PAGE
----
I was recently called for Jury duty. My arthritis makes it painful to sit for long periods of time, so I bought my stability disk to sit on. The constant wobbling makes sitting much more comfortable. Getting into the Jury Room requires going through security, much like at an airport.
The woman scanning the x-ray of my bike-bag asked “What is that big round thing?” fear obvious in her voice. “That’s a stability disk. I sit on it because I have arthritis.” Her fear turned to curiosity. “Where can I get one? I’ve got some torn ligaments and I can’t sit, either.” Most sporting goods stores have them.
I’ve had odd questions about my stability disk at airport security, too. But never a potential sitting companion.
Once inside the Jury Room, I put the stability disk on a chair and waited to be called. While waiting each potential juror is given a form to fill out. One of the questions on the form is, “Will you accept the Judge’s interpretation to be the meaning of the law?” I marked NO. Supreme Court decisions aren’t unanimous. Judges disagree with each other all the time. I can’t promise to agree with a judge without even knowing what the issue is.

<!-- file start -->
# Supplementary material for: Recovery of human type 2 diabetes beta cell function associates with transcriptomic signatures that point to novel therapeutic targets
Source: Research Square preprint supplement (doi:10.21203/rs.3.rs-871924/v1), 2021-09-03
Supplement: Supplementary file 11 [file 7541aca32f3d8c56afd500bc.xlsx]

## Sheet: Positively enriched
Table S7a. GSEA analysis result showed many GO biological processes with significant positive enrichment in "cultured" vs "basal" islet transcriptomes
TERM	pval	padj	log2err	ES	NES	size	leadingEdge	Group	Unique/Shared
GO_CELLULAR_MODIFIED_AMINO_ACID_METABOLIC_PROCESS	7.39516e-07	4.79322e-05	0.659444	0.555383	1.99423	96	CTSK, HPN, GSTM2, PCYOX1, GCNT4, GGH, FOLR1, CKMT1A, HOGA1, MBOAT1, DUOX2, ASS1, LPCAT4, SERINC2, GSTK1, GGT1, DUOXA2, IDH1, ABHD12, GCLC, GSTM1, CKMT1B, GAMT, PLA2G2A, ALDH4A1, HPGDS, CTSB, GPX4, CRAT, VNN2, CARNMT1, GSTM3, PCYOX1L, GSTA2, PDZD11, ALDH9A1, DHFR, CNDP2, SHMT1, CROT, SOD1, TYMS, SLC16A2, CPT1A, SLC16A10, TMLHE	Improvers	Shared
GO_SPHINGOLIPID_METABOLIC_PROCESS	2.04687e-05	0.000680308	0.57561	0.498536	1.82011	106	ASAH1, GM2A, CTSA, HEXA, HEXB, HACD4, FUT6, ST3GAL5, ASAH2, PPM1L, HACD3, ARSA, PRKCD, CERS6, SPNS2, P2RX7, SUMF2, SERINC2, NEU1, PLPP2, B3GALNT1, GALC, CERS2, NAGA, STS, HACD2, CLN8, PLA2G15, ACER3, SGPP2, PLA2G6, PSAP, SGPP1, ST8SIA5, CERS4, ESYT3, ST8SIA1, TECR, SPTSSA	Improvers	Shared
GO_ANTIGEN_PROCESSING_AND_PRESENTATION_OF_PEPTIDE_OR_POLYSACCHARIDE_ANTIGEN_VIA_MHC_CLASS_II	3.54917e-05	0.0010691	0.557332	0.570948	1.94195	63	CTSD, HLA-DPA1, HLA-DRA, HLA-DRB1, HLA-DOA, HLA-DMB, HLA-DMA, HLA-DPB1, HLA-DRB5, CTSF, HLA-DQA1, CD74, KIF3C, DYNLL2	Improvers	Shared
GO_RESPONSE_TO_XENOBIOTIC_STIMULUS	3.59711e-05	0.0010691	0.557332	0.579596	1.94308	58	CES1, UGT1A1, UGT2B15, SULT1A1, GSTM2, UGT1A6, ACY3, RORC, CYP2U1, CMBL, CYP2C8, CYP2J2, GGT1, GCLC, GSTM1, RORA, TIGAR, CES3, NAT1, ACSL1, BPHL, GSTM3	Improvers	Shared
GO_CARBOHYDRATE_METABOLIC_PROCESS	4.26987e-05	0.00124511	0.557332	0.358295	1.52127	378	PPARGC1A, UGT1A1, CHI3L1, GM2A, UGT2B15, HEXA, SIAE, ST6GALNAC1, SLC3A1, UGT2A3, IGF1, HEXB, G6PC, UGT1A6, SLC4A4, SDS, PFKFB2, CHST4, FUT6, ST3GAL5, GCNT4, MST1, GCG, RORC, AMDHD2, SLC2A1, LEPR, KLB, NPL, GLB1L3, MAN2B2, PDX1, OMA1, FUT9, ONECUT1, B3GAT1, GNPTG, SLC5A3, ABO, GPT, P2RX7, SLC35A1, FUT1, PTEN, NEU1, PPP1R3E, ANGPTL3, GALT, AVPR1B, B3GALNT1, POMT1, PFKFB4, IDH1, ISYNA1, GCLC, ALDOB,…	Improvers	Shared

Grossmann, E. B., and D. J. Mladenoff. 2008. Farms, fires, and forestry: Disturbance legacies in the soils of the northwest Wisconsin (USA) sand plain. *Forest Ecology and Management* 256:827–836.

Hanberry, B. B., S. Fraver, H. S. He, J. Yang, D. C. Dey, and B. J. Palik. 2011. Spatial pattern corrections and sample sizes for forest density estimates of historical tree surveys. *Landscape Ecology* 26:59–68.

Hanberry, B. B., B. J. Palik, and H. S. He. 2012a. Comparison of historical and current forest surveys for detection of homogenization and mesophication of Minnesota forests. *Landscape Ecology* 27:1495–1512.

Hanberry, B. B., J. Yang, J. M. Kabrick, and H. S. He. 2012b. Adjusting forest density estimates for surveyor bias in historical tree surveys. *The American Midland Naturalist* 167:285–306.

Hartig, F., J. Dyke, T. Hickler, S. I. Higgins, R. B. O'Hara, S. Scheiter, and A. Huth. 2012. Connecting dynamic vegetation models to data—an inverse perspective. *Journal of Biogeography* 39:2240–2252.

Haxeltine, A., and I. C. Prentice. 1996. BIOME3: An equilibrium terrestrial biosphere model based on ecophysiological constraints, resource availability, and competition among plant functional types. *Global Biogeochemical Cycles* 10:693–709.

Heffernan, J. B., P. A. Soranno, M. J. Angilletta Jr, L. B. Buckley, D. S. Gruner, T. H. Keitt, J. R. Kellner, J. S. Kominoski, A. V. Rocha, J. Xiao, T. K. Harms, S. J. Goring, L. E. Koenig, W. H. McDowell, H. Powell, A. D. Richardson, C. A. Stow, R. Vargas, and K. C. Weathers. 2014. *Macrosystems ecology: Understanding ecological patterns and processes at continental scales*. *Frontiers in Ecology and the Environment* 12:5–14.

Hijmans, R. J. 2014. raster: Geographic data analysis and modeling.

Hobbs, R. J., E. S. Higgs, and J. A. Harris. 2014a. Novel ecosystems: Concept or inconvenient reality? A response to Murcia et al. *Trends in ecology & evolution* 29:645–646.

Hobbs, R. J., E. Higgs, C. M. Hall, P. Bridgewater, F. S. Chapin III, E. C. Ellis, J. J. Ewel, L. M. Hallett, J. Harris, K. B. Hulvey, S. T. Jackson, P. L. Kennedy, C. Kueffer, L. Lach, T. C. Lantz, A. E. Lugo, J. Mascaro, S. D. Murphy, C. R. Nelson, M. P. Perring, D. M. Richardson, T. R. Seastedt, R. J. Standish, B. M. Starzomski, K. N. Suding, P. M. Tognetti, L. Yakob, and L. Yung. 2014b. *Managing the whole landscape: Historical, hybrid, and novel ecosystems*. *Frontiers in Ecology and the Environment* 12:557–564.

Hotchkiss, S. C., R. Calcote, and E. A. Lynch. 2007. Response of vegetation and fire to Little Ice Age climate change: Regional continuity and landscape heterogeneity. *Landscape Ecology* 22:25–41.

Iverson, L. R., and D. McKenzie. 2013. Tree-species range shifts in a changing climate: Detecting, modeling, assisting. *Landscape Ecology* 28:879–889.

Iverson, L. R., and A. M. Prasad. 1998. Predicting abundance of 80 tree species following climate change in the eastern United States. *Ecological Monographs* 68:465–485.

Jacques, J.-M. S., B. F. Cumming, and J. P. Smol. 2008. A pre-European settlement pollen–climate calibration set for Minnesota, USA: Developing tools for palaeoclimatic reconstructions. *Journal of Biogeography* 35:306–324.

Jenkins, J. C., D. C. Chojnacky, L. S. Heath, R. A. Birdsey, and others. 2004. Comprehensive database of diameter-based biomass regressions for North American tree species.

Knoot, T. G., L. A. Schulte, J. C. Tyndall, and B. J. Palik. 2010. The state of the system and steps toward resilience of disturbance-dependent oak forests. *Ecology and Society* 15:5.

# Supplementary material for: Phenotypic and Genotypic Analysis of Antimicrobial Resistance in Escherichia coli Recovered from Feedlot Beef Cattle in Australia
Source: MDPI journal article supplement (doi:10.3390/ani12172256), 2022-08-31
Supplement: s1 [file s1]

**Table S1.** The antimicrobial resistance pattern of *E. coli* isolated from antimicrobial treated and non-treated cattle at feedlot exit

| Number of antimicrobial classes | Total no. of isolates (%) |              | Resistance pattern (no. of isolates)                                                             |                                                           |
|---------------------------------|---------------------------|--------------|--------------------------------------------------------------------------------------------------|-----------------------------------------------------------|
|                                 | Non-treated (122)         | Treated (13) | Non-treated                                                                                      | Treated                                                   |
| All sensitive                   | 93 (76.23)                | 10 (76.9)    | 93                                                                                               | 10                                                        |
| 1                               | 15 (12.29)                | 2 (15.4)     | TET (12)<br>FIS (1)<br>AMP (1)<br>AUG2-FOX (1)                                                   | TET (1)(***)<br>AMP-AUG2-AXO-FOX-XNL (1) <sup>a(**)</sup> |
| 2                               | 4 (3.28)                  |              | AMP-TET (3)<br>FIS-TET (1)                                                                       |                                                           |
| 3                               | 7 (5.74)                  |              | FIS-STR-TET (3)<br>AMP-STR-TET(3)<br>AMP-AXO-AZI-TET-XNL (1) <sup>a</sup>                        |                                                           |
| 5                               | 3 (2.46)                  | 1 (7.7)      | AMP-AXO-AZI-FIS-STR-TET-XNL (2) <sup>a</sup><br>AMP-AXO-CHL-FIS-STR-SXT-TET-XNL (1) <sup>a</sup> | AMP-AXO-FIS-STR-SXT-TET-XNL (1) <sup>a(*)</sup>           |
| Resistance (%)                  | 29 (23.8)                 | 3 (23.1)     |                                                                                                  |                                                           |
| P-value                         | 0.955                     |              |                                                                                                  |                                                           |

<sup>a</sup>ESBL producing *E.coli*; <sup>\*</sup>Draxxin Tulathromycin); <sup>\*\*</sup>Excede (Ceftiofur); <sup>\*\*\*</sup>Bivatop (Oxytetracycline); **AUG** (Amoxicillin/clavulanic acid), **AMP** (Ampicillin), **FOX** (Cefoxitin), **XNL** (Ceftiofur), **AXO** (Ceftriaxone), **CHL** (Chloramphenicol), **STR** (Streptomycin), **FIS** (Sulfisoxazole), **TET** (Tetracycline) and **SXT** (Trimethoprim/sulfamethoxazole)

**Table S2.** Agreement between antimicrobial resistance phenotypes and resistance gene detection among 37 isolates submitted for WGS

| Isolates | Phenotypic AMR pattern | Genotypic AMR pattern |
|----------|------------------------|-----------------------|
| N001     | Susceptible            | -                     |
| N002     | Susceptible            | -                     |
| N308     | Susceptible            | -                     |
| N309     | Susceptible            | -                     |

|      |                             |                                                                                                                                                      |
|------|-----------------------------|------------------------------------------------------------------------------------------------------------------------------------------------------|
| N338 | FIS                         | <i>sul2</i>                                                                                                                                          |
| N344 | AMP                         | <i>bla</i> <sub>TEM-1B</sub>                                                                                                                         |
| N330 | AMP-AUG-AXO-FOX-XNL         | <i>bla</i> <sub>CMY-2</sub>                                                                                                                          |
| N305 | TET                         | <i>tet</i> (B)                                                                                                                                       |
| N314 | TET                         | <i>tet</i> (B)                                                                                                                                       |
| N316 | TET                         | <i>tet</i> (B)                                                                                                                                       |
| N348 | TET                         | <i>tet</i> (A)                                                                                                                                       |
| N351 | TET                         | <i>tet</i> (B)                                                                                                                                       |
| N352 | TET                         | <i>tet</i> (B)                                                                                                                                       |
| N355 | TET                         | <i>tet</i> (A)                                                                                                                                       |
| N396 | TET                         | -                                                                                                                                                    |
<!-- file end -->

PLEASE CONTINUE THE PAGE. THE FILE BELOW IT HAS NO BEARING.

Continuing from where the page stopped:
When I was called for a jury pool, the case was a sad one. A woman was suing her son and husband because her son’s dog knocked her down and she broke a bone and had to have surgery. The lawyers asked the entire pool if we thought it was legal for family members to sue each other. They asked if we owned dogs. If we had ever dog-sat. And then, they called us in for individual questioning. Again, one of the lawyers asked, “Will you accept the judge’s interpretation for the meaning of the law?” And I told him what I’d put on the form. “I can’t promise that without knowing exactly what the issue is.”
The lawyer said, “It’s not going to be ‘Off with her head!’”
But that’s exactly what the issue is. If the judge can make up the rules as she goes along, then the issue is indeed “Off with her head!” That’s the epitome of a judge’s capriciousness.
The lawyers were okay with this. But as a citizen, in a society where we have trials with a jury of fellow citizens, I think it is a citizen’s duty to keep a watch on sanity in the courtroom as well as in society. If I can’t do that, then I may as well play croquet with the Queen of Hearts.
I was not selected for that jury.